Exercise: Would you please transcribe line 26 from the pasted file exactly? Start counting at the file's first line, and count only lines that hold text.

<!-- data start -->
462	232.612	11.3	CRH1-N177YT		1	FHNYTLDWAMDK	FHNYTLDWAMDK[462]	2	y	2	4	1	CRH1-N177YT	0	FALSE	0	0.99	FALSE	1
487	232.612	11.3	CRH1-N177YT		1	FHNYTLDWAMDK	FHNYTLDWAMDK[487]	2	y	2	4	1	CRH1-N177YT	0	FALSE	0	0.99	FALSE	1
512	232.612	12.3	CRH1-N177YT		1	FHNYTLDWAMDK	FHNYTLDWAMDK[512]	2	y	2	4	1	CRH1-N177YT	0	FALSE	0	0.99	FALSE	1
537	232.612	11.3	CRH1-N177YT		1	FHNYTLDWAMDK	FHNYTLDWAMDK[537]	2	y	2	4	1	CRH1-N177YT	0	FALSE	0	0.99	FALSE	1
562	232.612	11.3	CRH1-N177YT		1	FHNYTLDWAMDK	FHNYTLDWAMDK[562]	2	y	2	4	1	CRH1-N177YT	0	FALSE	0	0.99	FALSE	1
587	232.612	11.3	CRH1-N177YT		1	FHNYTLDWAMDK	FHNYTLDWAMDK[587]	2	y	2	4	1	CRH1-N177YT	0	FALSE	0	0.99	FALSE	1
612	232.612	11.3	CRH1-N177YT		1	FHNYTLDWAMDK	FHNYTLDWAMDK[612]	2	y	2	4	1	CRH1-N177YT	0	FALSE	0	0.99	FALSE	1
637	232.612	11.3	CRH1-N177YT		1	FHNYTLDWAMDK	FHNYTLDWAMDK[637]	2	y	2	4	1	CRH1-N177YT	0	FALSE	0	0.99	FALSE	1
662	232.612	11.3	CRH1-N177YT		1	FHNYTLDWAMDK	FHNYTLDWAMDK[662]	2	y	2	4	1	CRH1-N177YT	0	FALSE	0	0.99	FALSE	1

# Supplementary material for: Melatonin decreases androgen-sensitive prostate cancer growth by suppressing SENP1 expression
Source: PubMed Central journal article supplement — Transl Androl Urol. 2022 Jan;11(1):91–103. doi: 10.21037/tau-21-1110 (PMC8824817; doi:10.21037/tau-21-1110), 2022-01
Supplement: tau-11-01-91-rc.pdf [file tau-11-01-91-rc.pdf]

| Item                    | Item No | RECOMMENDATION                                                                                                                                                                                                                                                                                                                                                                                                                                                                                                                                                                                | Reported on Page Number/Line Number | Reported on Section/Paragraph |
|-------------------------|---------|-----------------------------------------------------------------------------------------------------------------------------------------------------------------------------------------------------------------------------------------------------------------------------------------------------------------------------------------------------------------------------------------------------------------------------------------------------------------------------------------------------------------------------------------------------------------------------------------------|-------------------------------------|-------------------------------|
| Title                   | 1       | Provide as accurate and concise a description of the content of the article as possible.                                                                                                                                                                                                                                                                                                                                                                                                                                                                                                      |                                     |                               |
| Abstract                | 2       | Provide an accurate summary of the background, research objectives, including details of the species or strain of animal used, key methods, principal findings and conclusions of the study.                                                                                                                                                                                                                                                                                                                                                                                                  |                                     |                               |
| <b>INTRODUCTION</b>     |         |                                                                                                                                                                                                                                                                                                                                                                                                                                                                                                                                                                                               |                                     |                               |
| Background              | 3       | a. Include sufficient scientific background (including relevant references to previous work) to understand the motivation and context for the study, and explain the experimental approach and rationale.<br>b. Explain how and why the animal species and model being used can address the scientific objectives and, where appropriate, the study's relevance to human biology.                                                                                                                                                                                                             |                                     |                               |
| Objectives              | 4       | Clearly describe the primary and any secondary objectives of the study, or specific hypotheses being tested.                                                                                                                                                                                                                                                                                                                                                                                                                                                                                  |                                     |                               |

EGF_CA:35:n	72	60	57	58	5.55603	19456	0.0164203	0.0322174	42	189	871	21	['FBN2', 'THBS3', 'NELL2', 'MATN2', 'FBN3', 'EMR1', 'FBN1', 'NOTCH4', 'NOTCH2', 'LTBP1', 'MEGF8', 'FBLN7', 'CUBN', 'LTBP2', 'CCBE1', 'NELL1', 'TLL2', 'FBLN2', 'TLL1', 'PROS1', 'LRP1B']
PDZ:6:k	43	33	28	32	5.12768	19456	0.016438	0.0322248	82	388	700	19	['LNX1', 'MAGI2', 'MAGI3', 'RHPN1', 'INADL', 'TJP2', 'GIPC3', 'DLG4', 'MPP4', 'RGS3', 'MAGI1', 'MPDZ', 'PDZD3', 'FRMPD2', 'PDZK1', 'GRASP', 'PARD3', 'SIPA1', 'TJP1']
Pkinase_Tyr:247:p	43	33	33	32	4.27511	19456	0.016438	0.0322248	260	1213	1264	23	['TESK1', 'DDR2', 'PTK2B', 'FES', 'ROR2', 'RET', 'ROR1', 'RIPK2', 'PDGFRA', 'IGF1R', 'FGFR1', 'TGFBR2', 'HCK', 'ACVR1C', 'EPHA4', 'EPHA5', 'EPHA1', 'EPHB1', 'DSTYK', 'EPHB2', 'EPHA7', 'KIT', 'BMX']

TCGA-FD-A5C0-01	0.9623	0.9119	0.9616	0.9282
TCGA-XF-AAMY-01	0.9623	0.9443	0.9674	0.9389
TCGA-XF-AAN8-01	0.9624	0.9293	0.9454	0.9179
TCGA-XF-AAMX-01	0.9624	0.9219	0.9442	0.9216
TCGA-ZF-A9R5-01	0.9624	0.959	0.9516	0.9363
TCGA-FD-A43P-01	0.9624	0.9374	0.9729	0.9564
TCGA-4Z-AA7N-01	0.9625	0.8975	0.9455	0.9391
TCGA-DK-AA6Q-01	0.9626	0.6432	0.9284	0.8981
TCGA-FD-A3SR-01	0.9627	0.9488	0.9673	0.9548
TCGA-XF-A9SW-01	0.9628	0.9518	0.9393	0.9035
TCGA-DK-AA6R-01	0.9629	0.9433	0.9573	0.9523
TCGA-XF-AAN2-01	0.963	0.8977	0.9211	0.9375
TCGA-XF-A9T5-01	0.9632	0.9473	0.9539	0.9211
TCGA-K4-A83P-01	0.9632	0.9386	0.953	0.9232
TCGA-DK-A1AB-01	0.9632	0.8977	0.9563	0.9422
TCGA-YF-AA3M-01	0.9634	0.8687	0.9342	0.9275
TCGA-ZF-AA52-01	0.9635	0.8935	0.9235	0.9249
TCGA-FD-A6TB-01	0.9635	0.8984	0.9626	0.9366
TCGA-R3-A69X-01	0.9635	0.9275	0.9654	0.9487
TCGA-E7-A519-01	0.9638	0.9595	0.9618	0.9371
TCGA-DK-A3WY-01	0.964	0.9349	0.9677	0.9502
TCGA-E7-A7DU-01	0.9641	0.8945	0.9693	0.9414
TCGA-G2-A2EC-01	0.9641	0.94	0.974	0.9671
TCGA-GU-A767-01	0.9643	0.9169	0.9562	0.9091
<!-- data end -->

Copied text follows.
TCGA-XF-AAMX-01	0.9624	0.9219	0.9442	0.9216